$120M solar energy project slated for Yabucoa

Written by  //  January 10, 2011  //  Environment  //  1 Comment

Canadian firm Western Wind Energy Corp. has set its eye on Puerto Rico, with the planned development of a $120 million, 30 megawatt solar energy project in Yabucoa.

On Monday, the company announced it has already begun talks with several government agencies to break ground on the project by the end of the year. Jeff Ciachurski, Western Wind’s CEO, confirmed the investment figure.

Western Wind has reached an agreement with the Puerto Rico Land Authority to use a 400-acre plot of land in that southeastern town, while it has also set off the re-zoning process and necessary Environmental Impact Statement required by the Puerto Rico Planning Board. The latter agency must approve solar energy zoning plan.

Historically speaking, Yabucoa has been a mostly agricultural town, with significant plantain and banana production throughout its expansive valley. Until the late 1990s, the town was also home to the Roig Sugar Mill, which harvested sugarcane for table sugar production for decades. While plantain and banana farming remains active, Roig is no longer operating, and over the years, the Lands Authority has requested permission to segregate and sell off portions of the lands once earmarked for sugarcane.

Meanwhile, Western Wind’s proposed project is in line with the government’s plans to diversify energy sources. To that effect, the Puerto Rico Electric Power Authority has been receiving proposals from several offshore companies looking to build solar and wind energy projects on the island.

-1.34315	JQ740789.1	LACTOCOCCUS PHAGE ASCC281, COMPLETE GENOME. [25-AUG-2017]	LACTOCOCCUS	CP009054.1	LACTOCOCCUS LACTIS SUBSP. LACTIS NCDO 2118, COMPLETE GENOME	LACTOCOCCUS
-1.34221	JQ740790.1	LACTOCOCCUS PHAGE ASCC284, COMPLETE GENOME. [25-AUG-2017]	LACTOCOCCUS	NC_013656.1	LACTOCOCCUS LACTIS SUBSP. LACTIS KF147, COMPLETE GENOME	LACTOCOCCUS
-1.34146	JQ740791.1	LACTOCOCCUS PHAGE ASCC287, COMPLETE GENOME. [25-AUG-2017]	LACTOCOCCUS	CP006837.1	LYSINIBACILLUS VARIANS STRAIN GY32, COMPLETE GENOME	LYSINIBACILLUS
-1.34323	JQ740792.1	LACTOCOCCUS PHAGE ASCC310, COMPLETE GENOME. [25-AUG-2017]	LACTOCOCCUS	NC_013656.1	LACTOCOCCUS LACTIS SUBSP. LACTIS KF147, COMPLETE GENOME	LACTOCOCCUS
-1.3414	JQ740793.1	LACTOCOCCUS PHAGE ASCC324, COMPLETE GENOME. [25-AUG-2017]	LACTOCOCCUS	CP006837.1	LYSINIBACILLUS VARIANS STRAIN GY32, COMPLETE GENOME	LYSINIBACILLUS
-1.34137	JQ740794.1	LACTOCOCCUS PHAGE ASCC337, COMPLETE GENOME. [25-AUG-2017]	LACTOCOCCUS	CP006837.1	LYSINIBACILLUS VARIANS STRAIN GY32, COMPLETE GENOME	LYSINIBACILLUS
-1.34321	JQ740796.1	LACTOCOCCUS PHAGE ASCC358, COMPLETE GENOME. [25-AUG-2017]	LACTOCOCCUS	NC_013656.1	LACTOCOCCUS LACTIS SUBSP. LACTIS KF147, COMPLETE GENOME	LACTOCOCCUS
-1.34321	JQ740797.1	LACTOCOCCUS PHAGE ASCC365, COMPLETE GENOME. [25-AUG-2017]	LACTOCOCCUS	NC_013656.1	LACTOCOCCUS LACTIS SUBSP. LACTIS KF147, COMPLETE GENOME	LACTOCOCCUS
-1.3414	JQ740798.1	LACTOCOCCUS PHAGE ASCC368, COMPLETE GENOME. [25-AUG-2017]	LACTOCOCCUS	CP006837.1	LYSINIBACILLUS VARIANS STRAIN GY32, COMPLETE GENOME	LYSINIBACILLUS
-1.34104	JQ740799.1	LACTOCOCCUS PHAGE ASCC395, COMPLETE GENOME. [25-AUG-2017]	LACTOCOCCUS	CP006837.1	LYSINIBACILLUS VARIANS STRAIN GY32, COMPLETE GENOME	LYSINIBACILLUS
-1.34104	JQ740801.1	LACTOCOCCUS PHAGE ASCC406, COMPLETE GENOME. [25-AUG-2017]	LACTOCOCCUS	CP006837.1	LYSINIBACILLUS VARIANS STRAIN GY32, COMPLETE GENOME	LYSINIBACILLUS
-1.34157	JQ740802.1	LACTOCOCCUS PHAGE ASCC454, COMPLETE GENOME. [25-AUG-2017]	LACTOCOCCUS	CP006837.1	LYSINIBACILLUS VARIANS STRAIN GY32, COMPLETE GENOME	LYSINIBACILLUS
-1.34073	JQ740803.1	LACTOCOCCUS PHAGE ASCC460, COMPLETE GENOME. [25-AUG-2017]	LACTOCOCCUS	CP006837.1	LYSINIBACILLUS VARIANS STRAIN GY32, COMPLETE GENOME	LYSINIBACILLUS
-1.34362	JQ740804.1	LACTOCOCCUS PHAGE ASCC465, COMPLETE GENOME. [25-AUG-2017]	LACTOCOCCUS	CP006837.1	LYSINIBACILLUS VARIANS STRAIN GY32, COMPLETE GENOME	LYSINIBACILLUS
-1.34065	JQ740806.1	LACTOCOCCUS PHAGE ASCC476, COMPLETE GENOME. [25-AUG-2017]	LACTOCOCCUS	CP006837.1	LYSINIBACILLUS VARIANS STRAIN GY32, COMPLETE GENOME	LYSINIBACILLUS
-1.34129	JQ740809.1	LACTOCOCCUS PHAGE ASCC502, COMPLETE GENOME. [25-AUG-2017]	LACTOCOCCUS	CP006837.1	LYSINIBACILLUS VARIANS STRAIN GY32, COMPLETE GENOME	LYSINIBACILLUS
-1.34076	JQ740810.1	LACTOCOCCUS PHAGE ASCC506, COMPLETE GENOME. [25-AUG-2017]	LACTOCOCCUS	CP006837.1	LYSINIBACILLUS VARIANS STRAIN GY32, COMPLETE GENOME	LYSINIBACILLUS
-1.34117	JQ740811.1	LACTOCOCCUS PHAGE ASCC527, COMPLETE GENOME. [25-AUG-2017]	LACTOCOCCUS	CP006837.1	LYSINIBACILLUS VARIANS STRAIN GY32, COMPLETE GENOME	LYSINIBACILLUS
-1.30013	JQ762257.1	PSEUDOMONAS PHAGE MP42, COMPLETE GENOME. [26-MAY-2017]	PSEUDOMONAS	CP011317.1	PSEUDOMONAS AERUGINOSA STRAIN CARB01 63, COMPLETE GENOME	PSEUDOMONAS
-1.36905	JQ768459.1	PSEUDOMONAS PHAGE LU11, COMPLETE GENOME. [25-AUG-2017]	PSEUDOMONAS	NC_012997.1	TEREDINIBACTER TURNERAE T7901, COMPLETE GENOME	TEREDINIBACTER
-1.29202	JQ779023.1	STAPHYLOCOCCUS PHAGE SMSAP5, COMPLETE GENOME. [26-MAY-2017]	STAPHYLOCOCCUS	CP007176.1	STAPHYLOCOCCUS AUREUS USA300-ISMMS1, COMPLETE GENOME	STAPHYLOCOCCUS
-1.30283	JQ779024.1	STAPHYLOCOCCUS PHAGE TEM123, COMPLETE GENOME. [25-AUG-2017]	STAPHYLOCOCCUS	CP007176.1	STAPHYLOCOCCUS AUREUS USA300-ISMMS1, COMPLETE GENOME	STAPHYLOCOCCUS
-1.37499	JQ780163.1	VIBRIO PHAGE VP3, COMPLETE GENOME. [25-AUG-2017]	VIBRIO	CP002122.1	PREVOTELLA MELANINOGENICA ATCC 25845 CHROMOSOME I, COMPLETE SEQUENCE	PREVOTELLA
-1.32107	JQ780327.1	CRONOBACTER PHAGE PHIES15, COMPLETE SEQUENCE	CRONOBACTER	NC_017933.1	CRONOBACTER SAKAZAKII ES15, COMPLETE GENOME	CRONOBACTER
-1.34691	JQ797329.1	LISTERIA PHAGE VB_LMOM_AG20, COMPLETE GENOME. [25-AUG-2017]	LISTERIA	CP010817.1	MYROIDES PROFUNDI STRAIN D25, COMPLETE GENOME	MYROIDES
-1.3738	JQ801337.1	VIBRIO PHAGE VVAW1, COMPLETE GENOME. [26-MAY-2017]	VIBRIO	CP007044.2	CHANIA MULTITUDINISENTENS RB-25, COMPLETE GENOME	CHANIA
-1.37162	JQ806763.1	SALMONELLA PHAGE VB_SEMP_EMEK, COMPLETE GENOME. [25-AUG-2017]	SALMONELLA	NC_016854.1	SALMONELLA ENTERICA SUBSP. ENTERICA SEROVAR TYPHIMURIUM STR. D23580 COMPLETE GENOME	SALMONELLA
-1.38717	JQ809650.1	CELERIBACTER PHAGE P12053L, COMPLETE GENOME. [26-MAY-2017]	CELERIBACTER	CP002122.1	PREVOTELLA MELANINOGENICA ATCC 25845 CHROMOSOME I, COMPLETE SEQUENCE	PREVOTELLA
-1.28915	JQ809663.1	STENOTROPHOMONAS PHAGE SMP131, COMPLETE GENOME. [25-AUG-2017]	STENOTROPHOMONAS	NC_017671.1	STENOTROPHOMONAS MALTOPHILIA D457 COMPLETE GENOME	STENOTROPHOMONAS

The successful development of Western Wind’s Yabucoa proposal still hinges on securing a power purchase agreement with Prepa, interconnection and transmission lines, and financing, among other elements.

One Comment on "$120M solar energy project slated for Yabucoa"

  1. Joeffrey February 23, 2011 at 8:38 PM · Reply

    Is there any way to install a Solar Power Queensland but what if you have a solar power so you will need also a generator to store the electricity because when its night time or have a typhoon how can you have a solar power for that electricity but If you are living in Queensland, there has never been a better time to convert your home’s conventional power supply into one that is run by solar power systems. Queensland is located in Australia’s tropical zone and is known to enjoy a great deal of sunshine all year round, which is why converting homes into environmentally-friendly, cost-efficient ones make perfect sense.

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